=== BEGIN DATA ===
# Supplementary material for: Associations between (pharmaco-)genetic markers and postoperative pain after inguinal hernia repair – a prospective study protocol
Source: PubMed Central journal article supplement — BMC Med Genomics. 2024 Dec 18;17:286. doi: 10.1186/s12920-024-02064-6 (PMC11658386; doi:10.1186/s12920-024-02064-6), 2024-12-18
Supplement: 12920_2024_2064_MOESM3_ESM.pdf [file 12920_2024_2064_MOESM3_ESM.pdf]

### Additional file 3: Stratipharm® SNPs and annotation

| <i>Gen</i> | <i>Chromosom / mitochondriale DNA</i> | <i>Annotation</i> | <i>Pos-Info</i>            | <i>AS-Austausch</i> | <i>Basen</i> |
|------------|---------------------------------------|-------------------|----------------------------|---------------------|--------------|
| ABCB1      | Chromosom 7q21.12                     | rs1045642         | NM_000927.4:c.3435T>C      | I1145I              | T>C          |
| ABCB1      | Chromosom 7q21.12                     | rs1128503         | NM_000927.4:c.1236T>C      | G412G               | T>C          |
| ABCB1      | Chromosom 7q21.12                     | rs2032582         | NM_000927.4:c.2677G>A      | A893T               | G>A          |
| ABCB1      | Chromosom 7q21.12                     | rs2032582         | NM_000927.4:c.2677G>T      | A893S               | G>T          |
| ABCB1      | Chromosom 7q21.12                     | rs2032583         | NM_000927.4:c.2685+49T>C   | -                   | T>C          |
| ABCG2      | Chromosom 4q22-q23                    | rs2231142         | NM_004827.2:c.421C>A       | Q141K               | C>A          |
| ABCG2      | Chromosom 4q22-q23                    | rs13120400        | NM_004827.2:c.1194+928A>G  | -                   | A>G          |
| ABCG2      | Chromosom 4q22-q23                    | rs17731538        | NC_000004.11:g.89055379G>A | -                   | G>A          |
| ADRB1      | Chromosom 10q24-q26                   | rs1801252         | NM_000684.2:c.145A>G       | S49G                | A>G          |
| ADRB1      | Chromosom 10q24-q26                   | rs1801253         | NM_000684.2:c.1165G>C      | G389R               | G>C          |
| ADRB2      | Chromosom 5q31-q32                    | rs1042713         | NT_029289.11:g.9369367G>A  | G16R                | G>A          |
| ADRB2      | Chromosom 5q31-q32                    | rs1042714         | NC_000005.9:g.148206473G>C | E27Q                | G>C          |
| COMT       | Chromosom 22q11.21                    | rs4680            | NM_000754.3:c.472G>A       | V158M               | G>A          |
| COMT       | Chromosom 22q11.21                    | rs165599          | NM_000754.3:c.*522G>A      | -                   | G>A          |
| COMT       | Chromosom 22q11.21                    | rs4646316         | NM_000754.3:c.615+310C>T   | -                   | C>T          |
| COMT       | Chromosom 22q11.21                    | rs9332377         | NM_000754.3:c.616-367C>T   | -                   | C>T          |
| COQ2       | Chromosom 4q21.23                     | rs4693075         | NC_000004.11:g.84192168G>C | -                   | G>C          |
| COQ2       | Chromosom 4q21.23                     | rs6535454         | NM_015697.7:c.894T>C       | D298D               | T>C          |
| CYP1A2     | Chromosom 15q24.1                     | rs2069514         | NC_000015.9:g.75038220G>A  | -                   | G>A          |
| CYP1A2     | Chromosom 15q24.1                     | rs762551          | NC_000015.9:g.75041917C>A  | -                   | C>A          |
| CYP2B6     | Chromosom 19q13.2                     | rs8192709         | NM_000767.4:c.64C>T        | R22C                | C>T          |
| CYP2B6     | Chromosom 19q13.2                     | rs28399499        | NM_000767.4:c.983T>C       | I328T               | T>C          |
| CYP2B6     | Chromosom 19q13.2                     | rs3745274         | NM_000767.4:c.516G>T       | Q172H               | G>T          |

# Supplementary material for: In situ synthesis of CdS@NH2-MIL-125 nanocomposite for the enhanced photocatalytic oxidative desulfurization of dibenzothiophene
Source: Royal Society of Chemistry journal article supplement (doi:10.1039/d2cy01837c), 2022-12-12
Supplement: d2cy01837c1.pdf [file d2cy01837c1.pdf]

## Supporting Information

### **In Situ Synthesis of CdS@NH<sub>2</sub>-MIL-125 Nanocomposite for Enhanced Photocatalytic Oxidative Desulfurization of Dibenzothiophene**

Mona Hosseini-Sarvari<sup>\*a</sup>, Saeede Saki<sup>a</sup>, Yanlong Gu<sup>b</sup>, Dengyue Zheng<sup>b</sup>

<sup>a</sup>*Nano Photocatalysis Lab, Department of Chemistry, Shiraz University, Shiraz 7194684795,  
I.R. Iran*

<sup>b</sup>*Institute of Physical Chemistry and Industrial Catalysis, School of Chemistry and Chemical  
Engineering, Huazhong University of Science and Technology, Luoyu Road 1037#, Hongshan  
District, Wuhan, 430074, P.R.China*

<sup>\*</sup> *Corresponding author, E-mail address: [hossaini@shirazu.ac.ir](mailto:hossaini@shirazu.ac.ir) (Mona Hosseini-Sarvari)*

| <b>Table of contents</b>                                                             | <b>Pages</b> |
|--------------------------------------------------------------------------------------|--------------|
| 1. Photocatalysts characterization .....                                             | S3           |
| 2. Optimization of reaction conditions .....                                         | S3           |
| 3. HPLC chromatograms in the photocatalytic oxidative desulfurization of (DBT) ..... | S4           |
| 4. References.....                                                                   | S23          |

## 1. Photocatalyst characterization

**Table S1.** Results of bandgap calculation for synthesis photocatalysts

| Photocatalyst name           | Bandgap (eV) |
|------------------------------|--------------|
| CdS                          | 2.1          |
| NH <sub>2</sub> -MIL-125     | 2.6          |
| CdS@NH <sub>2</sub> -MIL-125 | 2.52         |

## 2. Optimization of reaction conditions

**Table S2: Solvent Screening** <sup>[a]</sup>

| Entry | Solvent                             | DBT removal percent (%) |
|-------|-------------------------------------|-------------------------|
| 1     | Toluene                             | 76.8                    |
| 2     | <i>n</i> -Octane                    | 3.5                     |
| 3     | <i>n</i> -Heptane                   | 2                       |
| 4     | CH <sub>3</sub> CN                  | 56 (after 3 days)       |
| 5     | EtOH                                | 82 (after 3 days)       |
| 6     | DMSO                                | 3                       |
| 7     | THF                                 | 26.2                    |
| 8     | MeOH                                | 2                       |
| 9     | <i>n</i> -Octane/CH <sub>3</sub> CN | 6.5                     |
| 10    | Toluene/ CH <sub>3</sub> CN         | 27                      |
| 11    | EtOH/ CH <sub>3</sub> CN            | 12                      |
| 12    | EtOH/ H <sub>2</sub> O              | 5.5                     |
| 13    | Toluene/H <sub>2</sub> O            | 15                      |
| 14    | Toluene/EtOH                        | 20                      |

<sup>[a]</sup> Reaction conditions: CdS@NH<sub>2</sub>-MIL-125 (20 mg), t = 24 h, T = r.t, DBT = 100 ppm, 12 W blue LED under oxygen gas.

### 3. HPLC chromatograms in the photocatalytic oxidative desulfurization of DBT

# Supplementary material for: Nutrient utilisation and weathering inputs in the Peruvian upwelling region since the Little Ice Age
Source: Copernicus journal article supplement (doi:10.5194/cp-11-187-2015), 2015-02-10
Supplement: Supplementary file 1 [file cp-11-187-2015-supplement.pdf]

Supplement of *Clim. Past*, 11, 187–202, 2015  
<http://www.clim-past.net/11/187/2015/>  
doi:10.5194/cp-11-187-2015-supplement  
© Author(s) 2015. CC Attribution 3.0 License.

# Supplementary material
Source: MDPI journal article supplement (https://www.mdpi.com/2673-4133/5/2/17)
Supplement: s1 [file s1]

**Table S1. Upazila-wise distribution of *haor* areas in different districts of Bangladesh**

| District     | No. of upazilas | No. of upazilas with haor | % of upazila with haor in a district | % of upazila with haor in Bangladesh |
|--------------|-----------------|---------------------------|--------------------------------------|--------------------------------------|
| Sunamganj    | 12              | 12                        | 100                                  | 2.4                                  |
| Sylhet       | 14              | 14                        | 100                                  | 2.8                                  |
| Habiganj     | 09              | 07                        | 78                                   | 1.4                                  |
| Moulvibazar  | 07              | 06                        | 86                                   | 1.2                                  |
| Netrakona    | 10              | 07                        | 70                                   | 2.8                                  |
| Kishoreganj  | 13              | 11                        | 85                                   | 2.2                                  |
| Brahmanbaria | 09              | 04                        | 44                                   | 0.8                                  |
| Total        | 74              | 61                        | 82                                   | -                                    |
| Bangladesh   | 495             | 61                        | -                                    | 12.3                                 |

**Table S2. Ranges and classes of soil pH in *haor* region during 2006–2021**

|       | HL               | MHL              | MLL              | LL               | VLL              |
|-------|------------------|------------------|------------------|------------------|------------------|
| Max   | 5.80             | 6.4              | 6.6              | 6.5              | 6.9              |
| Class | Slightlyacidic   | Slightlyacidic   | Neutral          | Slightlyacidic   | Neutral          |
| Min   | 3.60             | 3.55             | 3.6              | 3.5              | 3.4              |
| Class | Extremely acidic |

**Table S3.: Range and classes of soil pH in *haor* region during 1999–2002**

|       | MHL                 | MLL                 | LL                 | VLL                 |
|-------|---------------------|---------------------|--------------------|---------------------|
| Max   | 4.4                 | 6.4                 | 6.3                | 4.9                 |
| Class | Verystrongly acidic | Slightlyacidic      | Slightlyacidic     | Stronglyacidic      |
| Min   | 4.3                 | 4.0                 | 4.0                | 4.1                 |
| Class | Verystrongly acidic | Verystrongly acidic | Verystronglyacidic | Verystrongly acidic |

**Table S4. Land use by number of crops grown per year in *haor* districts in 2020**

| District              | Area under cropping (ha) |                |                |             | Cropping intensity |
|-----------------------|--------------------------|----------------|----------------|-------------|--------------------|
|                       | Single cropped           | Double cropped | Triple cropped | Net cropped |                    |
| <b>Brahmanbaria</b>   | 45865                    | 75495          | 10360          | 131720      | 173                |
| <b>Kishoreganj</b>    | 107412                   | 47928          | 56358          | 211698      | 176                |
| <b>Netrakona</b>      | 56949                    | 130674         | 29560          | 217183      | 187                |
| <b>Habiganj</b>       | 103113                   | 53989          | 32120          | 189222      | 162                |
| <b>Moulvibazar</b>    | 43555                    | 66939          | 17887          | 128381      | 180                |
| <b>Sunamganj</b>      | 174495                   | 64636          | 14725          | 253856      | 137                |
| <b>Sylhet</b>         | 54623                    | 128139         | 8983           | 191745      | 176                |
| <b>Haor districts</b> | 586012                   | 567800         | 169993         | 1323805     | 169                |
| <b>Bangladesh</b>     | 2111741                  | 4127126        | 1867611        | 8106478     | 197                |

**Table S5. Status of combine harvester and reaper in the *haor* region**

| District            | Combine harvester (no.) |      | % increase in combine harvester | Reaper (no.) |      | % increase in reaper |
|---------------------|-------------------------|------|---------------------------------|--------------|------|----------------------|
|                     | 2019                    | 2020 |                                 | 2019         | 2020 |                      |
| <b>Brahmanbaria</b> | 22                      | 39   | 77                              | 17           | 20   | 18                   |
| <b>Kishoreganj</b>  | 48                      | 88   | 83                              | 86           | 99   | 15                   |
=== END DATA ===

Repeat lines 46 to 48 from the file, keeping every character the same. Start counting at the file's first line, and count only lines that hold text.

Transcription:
| 3. HPLC chromatograms in the photocatalytic oxidative desulfurization of (DBT) ..... | S4           |
| 4. References.....                                                                   | S23          |

## 1. Photocatalyst characterization